In 2008 Aharoni's office hired TNS, a market research firm, to test new brand concepts for Israel in 13 different countries. They also funded a pilot program called "Israel: Innovation for Life" in Toronto. Aharoni called it the "execution of a program that will support the brand identity." He added, "This might include initiating press missions to Israel, or missions of community influentials; it could include organizing film festivals, or food and wine festivals featuring Israel-made products."
This, of course, resulted in the "Spotlight Tel Aviv" program at the Toronto International Film Festival, which caught the attention of John Greyson and Naomi Klein.
In 2008, PACBI published a sample contract that Israeli artists signed with their government when the artist was "invited" to an international event, the kind of "invitation" that every Israeli artists craves and must have in order to establish a broad reputation.
The contract text reveals, interestingly, that this is not an "invitation" at all but that it is the Israeli government that is inviting itself to international events. The artist is paid with a plane ticket, shipping fees, hotel and expenses by his or her own government. The contract does not assume any funding from the "host" country. In return, the template states, "The service provider is aware that the purpose of ordering services from him is to promote the policy interests of the state of Israel via culture and art including contributing to creating a positive image for Israel."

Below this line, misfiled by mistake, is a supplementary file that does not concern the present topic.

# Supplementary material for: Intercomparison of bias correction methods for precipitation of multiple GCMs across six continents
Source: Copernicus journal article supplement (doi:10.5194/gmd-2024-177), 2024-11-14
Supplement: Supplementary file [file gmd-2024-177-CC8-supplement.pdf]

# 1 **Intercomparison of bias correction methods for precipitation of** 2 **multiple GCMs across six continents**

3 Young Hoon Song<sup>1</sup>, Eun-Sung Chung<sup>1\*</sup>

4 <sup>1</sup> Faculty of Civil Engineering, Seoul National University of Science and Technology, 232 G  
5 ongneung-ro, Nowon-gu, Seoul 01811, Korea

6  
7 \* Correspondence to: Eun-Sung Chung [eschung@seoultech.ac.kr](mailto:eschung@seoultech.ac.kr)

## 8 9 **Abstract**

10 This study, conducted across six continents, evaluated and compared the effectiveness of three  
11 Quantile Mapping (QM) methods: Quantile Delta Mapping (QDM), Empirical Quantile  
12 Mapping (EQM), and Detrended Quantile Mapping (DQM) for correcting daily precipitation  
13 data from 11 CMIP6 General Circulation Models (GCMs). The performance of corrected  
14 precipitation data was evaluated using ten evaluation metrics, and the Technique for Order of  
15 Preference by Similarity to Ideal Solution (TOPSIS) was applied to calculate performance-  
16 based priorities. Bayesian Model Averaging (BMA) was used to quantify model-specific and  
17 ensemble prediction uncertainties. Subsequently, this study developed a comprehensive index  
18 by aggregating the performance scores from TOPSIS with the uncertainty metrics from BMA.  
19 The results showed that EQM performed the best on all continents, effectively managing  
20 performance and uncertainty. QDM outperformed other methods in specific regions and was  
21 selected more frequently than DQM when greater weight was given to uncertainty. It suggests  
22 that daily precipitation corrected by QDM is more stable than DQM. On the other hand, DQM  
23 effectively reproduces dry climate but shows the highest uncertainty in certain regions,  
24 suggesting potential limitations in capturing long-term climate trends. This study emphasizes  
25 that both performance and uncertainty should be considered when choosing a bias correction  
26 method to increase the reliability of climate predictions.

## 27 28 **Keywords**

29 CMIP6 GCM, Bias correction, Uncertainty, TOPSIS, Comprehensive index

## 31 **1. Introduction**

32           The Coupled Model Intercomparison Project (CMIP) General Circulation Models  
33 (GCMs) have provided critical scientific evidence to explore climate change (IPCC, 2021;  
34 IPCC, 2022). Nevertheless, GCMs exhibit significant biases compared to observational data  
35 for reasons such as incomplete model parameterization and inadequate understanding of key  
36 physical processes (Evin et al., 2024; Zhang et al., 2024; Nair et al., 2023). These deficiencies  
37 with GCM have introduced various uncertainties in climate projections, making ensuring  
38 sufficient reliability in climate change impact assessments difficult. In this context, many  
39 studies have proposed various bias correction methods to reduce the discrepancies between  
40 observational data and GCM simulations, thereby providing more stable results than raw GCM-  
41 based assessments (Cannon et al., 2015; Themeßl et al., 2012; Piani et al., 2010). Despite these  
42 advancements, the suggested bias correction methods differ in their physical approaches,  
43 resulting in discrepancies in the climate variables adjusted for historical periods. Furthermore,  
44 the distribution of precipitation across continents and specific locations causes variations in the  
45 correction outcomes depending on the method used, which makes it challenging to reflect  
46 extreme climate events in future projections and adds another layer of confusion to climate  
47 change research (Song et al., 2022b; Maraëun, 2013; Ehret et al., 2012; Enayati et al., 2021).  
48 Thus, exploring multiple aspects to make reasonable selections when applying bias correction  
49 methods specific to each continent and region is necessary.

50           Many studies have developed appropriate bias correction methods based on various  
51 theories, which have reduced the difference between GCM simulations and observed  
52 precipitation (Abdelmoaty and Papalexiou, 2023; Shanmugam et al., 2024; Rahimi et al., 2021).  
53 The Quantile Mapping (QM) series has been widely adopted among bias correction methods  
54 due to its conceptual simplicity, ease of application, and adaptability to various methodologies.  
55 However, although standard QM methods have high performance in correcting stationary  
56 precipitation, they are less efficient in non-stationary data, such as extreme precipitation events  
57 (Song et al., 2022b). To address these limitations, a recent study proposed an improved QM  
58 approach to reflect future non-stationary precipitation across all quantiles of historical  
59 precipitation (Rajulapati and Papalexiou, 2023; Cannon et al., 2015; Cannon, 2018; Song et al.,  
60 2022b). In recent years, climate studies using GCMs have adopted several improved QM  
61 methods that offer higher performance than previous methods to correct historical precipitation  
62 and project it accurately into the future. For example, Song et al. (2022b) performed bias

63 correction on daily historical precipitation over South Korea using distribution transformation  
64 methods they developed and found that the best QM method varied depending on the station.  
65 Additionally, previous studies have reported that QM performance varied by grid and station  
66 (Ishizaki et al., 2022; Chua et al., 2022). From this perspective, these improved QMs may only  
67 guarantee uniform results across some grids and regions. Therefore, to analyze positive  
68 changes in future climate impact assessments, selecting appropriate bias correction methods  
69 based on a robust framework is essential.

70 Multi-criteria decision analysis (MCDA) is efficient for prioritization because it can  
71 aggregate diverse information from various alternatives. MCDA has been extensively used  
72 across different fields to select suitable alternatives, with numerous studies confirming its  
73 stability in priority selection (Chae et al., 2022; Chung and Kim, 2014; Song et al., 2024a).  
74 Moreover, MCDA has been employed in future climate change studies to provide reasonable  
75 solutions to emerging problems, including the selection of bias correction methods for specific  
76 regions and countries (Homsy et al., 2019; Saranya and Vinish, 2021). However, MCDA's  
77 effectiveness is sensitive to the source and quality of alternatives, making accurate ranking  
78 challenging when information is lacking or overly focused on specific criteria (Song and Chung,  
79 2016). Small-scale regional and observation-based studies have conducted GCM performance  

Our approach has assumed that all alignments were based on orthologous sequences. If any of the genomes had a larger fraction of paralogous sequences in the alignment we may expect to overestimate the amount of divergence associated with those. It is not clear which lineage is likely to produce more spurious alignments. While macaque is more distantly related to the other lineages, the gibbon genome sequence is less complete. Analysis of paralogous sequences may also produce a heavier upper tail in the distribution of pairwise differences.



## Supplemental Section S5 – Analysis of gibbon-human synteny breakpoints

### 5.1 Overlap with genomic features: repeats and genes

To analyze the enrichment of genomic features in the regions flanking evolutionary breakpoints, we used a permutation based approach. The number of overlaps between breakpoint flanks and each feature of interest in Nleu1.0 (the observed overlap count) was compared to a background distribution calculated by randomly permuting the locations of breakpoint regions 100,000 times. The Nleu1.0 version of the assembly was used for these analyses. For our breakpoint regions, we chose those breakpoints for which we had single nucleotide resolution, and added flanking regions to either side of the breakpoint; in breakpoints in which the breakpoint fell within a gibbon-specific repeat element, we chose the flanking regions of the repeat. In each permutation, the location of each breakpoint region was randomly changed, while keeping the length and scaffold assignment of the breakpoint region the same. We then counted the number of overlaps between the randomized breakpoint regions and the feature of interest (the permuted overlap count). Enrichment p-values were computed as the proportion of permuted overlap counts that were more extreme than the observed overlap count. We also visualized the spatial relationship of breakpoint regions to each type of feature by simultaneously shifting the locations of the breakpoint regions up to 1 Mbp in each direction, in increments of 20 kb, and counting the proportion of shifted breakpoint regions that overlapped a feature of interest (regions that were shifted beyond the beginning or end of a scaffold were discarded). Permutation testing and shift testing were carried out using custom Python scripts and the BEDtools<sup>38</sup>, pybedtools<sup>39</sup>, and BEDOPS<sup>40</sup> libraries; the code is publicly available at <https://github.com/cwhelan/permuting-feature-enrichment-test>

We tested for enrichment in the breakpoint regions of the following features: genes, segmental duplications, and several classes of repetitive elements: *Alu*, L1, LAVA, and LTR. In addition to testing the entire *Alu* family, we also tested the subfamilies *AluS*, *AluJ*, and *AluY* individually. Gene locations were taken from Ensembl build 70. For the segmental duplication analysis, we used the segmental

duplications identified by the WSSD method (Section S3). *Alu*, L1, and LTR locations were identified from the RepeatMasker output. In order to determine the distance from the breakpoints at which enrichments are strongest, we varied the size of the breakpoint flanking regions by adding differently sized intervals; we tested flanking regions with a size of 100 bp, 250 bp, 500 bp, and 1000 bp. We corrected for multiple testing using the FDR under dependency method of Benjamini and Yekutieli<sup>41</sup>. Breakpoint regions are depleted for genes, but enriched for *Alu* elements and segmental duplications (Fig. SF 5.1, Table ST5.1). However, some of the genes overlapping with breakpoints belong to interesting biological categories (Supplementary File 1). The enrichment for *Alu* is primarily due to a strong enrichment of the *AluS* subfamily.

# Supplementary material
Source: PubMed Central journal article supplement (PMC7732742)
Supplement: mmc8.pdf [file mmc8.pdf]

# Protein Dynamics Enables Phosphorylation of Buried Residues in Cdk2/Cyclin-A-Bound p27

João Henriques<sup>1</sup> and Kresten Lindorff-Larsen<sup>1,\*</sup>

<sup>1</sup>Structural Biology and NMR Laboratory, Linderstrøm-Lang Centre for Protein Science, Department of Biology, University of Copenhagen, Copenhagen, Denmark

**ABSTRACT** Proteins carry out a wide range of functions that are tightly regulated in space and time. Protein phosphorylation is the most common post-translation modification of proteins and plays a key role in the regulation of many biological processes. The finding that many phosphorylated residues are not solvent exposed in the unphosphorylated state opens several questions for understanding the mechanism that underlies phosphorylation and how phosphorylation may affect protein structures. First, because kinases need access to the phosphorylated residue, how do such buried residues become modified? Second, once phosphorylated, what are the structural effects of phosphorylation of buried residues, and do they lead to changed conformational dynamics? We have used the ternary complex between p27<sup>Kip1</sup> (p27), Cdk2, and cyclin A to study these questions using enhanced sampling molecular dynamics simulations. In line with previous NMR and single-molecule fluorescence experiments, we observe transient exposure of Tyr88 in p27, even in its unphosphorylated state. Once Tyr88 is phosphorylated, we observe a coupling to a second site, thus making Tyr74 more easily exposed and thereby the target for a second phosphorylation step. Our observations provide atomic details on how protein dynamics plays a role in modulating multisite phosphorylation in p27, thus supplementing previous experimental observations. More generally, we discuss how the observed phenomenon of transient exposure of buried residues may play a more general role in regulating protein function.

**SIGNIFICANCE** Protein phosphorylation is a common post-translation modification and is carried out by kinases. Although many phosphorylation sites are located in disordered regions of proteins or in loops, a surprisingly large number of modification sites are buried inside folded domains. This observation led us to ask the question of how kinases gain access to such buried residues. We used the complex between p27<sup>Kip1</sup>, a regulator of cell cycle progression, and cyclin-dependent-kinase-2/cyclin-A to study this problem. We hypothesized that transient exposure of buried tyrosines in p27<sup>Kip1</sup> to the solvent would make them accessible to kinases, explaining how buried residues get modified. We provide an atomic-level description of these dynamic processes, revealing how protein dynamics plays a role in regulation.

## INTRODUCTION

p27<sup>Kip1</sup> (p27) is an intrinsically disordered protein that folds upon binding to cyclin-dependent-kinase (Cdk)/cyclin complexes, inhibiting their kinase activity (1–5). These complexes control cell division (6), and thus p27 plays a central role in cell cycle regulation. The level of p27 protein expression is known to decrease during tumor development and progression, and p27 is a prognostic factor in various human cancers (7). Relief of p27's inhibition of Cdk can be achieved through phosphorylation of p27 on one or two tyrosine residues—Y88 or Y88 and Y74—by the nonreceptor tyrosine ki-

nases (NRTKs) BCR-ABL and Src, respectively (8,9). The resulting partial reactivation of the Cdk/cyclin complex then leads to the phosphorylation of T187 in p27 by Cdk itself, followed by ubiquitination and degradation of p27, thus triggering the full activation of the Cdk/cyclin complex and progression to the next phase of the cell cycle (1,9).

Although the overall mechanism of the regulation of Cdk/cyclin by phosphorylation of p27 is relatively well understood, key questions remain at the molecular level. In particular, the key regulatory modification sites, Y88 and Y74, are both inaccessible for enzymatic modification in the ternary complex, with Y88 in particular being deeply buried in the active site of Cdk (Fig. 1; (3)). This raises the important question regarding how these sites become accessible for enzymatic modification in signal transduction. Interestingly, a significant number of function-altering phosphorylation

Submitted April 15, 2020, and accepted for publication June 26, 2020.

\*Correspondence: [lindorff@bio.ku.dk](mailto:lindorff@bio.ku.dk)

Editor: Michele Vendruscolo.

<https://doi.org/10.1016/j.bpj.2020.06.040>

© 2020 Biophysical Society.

Yet... "The service provider will not present himself as an agent, emissary and/or representative of the Ministry."
The challenge facing Brand Israel was huge. In the 2009 EastWest Global Nation Brand Perception Index, Israel was 192 out of 200, behind North Korea, Cuba and Yemen and just before Sudan.
That year the International Gay and Lesbian Travel Association announced an October Conference in Tel Aviv, with the goal of promoting Israel as a "world gay destination." Helem, a Lebanese LGBTQ organization, responded with a call for a boycott:
For some time now, Israeli officials and organizations such as the Aguda, who are cooperating closely with IGLTA, have been promoting LGBT tourism to Israel through false representations of visiting Tel Aviv as not taking sides, or as being on the "LGBT" side, as if LGBT lives were the only ones that mattered. It is implied that it's okay to visit Israel as long as you "believe in peace," as if what is taking place in Palestine/Israel is merely a conflict between equals, rather than an oppressive power relationship. Consistent with globalization's tendency to distance the "final product" from the moral implications of the manufacturing process, LGBT tourists are encouraged to forget about politics and just have fun in a so-called gay-friendly city...
Even more importantly, Tel-Aviv's flashy coffee shops and shopping malls, in contrast with the nearby deprived Palestinian villages and towns, serve as evidence that the Israeli society, just as the Israeli state itself, has built walls, blockades and systems of racist segregations to hide from the Palestinians it oppresses. The intersection of physical and societal separations and barriers have justly earned the term apartheid, referring to an historically parallel racist regime in South Africa against the indigenous Black population of that country. Leisure tourism to apartheid Israel supports this regime. It is not neutral, and it certainly is not a step toward real peace, which can only be based on justice.
The four-hour symposium took place despite opposition. In their newsletter the Travel Association acknowledged and dismissed the protest: